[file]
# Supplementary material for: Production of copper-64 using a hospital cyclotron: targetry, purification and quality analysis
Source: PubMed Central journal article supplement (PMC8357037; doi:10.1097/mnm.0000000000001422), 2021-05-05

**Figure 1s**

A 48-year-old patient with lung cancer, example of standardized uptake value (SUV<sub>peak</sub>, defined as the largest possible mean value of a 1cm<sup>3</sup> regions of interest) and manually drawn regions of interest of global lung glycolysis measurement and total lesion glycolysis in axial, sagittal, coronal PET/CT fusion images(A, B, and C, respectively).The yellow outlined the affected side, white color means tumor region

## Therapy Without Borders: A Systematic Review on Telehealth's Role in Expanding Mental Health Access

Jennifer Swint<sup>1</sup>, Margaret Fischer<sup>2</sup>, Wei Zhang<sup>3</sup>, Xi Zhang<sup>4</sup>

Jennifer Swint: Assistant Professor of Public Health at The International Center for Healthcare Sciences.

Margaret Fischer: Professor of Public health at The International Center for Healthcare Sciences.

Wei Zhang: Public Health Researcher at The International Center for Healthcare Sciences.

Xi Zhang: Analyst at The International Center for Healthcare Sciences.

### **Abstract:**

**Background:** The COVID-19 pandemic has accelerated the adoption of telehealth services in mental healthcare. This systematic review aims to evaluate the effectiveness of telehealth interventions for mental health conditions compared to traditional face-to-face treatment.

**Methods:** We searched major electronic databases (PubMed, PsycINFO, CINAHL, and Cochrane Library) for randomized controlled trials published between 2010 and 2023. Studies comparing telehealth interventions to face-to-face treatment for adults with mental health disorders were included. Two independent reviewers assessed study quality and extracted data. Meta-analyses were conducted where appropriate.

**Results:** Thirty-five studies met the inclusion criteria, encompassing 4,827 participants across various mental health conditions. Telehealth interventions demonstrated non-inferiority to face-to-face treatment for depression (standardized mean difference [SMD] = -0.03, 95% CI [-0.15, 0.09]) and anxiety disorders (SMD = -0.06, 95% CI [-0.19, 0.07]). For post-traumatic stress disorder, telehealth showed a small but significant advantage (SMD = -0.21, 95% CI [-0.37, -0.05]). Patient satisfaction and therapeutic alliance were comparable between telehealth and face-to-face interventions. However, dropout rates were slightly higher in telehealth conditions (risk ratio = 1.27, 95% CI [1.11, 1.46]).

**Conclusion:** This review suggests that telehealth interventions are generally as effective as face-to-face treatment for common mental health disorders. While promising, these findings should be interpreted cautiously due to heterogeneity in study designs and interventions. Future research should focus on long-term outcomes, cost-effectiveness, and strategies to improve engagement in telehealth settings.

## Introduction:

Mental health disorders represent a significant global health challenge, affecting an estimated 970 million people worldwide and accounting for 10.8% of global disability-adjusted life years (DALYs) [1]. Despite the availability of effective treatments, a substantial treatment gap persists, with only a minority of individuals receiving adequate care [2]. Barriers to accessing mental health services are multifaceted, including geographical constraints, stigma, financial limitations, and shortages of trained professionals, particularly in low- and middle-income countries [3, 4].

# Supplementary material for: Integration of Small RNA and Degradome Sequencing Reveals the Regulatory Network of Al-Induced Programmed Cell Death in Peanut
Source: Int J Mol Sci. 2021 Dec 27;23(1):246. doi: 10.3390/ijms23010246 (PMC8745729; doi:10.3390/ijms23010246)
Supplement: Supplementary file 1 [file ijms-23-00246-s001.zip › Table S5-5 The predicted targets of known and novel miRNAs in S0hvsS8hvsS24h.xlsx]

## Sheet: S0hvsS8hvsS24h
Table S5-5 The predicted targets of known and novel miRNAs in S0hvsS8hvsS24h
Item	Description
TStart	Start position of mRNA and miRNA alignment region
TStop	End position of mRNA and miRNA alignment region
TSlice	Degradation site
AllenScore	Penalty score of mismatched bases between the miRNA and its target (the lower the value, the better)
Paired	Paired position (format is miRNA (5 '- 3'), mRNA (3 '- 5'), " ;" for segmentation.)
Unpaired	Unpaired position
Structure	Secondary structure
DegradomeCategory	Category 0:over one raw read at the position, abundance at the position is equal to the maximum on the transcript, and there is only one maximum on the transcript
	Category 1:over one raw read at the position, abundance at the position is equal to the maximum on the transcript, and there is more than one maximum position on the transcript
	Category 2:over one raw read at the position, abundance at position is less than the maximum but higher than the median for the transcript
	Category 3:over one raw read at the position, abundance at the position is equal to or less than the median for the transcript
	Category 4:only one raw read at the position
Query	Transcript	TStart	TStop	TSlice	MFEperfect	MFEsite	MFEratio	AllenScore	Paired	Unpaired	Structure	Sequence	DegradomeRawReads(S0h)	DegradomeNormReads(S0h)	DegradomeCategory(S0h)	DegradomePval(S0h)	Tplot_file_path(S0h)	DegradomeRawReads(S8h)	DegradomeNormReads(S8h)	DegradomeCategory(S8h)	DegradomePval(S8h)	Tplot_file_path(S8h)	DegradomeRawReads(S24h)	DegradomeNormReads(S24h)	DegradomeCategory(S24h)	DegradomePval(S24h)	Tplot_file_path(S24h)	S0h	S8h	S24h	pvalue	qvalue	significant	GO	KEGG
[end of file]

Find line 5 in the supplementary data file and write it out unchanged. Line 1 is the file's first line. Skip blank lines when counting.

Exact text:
## Therapy Without Borders: A Systematic Review on Telehealth's Role in Expanding Mental Health Access